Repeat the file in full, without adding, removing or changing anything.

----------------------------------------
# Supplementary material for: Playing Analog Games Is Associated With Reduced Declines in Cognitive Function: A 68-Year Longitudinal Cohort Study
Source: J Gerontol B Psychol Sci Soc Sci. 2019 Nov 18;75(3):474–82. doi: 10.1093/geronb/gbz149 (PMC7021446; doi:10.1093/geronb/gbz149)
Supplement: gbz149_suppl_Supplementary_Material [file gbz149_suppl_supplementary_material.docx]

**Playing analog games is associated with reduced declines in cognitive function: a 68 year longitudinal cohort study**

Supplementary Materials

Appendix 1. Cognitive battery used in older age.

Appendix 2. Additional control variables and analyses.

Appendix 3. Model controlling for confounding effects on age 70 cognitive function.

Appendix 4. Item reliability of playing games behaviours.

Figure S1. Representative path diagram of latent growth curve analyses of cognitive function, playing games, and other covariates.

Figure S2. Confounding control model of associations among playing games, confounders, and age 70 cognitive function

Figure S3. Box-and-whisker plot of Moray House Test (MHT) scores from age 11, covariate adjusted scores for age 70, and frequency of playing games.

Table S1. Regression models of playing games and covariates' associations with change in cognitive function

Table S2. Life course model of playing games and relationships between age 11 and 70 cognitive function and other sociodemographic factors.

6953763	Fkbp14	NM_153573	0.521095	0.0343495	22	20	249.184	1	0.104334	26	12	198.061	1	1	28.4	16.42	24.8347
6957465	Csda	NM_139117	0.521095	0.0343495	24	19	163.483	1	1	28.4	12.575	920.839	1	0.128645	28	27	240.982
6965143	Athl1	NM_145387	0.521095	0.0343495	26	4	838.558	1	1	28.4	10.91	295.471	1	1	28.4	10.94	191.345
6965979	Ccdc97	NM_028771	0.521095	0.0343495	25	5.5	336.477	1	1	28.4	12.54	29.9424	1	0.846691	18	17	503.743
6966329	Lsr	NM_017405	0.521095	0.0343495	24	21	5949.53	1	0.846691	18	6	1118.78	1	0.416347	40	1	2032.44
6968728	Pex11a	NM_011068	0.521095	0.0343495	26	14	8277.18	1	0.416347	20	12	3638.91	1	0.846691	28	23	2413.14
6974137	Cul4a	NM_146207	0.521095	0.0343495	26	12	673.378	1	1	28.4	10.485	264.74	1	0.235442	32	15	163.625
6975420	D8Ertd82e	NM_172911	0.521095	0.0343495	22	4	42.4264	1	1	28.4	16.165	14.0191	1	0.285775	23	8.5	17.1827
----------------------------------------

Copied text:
# Supplementary material for: Playing Analog Games Is Associated With Reduced Declines in Cognitive Function: A 68-Year Longitudinal Cohort Study
Source: J Gerontol B Psychol Sci Soc Sci. 2019 Nov 18;75(3):474–82. doi: 10.1093/geronb/gbz149 (PMC7021446; doi:10.1093/geronb/gbz149)
Supplement: gbz149_suppl_Supplementary_Material [file gbz149_suppl_supplementary_material.docx]

**Playing analog games is associated with reduced declines in cognitive function: a 68 year longitudinal cohort study**

Supplementary Materials

Appendix 1. Cognitive battery used in older age.

Appendix 2. Additional control variables and analyses.

Appendix 3. Model controlling for confounding effects on age 70 cognitive function.

Appendix 4. Item reliability of playing games behaviours.

Figure S1. Representative path diagram of latent growth curve analyses of cognitive function, playing games, and other covariates.

Figure S2. Confounding control model of associations among playing games, confounders, and age 70 cognitive function

Figure S3. Box-and-whisker plot of Moray House Test (MHT) scores from age 11, covariate adjusted scores for age 70, and frequency of playing games.

Table S1. Regression models of playing games and covariates' associations with change in cognitive function

Table S2. Life course model of playing games and relationships between age 11 and 70 cognitive function and other sociodemographic factors.

6953763	Fkbp14	NM_153573	0.521095	0.0343495	22	20	249.184	1	0.104334	26	12	198.061	1	1	28.4	16.42	24.8347
6957465	Csda	NM_139117	0.521095	0.0343495	24	19	163.483	1	1	28.4	12.575	920.839	1	0.128645	28	27	240.982
6965143	Athl1	NM_145387	0.521095	0.0343495	26	4	838.558	1	1	28.4	10.91	295.471	1	1	28.4	10.94	191.345
6965979	Ccdc97	NM_028771	0.521095	0.0343495	25	5.5	336.477	1	1	28.4	12.54	29.9424	1	0.846691	18	17	503.743
6966329	Lsr	NM_017405	0.521095	0.0343495	24	21	5949.53	1	0.846691	18	6	1118.78	1	0.416347	40	1	2032.44
6968728	Pex11a	NM_011068	0.521095	0.0343495	26	14	8277.18	1	0.416347	20	12	3638.91	1	0.846691	28	23	2413.14
6974137	Cul4a	NM_146207	0.521095	0.0343495	26	12	673.378	1	1	28.4	10.485	264.74	1	0.235442	32	15	163.625
6975420	D8Ertd82e	NM_172911	0.521095	0.0343495	22	4	42.4264	1	1	28.4	16.165	14.0191	1	0.285775	23	8.5	17.1827